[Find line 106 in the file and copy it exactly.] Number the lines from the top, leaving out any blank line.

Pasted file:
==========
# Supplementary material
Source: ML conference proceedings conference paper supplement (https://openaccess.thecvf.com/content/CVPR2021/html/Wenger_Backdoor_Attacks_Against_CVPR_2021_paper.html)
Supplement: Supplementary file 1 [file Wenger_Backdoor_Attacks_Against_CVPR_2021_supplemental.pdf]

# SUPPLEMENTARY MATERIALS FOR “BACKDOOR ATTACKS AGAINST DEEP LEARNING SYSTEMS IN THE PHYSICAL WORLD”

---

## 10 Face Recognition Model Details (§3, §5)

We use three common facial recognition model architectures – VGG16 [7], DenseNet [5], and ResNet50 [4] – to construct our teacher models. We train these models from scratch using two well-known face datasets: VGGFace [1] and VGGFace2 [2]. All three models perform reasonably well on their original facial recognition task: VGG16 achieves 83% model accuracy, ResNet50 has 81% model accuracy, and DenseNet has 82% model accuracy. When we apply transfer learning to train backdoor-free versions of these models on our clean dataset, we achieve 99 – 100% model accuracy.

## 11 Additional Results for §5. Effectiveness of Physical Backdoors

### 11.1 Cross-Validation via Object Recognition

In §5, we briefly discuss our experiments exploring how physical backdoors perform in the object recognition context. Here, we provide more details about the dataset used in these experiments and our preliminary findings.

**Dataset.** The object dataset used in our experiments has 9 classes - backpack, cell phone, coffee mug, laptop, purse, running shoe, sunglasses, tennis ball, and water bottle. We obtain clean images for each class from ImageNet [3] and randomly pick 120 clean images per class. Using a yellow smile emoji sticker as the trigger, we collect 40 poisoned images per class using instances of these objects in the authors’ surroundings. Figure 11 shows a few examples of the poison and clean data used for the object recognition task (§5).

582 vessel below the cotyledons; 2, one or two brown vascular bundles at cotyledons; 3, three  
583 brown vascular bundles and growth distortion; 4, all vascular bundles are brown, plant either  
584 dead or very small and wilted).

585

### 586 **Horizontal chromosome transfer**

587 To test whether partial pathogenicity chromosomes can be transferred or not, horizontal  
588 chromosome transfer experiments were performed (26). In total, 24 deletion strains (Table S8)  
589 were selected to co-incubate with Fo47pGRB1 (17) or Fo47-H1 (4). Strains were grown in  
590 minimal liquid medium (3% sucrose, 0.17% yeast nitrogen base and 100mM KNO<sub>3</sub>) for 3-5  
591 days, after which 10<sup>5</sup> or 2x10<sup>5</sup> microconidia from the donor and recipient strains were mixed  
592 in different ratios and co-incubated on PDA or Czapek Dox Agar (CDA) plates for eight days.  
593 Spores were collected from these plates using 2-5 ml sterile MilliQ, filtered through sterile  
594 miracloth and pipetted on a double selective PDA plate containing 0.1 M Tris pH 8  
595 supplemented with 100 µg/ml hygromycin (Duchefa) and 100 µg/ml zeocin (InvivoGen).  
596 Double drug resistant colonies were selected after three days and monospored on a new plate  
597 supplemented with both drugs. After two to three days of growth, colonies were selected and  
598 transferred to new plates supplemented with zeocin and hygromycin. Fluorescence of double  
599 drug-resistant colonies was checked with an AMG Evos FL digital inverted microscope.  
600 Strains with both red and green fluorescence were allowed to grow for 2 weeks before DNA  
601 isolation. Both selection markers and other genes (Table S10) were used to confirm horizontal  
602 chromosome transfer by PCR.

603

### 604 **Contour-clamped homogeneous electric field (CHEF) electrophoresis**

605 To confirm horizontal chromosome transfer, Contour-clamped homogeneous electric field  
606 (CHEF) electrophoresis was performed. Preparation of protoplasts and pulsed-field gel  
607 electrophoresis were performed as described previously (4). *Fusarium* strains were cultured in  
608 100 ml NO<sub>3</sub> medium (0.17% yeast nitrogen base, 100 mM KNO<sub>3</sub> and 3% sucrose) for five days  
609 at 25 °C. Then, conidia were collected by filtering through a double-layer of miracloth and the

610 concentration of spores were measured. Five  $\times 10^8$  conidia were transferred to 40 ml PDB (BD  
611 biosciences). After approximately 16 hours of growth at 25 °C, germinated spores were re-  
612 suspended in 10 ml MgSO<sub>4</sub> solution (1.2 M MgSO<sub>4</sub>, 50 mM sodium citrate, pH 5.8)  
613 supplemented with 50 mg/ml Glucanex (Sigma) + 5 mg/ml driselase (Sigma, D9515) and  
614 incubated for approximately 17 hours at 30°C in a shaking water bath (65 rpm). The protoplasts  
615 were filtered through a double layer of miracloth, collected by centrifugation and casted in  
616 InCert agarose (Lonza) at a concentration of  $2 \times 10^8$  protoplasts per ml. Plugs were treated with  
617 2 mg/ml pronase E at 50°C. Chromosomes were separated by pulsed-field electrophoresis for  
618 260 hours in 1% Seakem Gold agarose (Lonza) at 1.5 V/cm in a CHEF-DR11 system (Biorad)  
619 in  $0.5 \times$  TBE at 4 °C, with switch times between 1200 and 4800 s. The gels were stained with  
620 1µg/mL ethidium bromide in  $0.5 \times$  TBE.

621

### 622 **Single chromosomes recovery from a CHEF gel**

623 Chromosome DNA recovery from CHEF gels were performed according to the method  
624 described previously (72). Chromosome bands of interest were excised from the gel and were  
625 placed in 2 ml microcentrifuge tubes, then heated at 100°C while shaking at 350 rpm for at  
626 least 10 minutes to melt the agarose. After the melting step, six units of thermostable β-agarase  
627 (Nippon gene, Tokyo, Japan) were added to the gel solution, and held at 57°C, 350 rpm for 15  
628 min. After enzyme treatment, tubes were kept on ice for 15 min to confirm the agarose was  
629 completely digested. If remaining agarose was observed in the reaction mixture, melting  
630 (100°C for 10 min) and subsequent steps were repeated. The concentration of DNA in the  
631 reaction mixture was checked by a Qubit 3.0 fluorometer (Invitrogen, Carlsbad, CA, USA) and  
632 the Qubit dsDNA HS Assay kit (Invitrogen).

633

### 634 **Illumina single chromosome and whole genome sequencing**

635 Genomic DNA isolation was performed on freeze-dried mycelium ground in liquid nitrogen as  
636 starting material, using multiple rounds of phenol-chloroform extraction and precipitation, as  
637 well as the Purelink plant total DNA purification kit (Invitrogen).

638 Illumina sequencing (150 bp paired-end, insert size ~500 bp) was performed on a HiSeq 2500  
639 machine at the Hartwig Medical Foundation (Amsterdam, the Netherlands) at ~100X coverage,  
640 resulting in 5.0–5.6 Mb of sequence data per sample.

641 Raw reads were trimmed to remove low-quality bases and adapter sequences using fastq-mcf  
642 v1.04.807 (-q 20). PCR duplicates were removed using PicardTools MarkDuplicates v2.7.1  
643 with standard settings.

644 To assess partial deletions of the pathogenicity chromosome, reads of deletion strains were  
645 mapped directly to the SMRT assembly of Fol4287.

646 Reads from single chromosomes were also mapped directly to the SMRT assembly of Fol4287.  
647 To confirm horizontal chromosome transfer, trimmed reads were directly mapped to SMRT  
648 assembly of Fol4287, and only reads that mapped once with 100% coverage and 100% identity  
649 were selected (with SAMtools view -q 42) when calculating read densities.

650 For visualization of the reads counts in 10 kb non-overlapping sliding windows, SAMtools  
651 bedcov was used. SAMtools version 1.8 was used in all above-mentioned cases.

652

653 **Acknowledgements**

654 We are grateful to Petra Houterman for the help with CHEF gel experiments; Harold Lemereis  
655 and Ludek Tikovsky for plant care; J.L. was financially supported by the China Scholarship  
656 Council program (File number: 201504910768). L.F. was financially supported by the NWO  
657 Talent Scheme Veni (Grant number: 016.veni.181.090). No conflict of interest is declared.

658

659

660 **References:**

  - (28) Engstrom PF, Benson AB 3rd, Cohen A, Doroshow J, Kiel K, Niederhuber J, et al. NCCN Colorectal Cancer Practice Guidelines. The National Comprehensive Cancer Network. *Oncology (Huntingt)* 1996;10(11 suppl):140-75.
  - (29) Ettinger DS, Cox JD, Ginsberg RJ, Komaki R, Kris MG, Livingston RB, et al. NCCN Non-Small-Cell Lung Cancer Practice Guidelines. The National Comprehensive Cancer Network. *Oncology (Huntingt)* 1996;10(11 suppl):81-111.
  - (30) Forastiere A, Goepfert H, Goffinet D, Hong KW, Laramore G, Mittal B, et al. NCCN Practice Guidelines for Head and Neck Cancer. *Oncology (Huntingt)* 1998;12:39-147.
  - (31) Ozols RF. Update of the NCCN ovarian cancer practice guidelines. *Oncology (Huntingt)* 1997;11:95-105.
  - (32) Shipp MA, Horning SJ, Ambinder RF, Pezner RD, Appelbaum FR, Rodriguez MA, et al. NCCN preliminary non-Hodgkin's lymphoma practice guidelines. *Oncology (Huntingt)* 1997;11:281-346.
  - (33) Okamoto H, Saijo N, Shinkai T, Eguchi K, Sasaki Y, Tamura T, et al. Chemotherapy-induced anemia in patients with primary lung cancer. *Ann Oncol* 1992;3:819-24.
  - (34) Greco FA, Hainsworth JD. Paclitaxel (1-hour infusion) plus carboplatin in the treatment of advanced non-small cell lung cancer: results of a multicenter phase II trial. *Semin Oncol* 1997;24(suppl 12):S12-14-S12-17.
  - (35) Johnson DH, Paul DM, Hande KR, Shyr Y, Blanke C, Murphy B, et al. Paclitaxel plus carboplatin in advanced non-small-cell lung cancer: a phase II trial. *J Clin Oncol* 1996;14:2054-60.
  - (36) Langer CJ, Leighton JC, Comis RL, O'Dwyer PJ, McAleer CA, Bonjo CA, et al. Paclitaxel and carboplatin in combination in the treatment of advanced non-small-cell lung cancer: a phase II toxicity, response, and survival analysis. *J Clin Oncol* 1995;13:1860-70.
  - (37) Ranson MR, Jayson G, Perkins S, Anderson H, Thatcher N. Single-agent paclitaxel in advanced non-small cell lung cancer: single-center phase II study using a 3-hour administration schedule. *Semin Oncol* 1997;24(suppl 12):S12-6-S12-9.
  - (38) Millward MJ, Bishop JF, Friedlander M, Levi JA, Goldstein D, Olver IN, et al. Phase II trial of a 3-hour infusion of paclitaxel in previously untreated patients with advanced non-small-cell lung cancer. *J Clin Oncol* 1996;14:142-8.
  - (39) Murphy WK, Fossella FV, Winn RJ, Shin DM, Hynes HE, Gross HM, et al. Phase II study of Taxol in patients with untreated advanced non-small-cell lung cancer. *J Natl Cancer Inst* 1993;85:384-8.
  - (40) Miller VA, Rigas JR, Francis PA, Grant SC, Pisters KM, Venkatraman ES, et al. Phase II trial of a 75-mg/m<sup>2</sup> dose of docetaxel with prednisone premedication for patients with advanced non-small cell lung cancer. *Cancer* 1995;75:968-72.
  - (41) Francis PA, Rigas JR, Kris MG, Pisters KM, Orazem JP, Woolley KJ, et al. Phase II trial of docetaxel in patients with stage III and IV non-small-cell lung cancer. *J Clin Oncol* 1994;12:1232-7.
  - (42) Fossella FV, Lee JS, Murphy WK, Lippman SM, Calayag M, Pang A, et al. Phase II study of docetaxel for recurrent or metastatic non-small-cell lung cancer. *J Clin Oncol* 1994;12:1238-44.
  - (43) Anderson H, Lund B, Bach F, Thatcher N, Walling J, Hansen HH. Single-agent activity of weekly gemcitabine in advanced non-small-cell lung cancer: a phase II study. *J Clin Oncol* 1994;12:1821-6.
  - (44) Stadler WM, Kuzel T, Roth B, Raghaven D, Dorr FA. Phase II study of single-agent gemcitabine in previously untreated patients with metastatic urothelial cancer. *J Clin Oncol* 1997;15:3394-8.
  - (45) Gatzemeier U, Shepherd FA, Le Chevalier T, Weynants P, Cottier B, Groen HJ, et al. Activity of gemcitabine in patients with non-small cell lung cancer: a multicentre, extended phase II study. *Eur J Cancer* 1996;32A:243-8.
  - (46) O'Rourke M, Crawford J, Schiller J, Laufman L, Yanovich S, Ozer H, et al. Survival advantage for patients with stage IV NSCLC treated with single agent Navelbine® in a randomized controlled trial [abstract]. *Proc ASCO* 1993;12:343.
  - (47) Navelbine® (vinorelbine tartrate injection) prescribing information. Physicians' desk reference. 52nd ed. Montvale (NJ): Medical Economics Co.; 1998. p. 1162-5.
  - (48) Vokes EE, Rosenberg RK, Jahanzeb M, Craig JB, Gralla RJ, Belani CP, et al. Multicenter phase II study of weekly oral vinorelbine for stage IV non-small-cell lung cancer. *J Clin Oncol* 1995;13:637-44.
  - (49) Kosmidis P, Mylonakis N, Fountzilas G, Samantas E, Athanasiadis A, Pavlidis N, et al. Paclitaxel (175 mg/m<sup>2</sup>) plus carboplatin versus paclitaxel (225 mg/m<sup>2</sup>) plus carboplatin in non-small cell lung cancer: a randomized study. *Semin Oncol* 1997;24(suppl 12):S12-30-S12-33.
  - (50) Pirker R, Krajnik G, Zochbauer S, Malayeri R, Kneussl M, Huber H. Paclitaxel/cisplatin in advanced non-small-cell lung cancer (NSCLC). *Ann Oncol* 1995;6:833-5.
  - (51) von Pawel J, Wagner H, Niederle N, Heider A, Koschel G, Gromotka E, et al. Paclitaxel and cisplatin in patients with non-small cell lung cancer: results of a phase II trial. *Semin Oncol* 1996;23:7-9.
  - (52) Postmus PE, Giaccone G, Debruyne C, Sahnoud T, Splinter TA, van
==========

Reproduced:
  - (43) Anderson H, Lund B, Bach F, Thatcher N, Walling J, Hansen HH. Single-agent activity of weekly gemcitabine in advanced non-small-cell lung cancer: a phase II study. *J Clin Oncol* 1994;12:1821-6.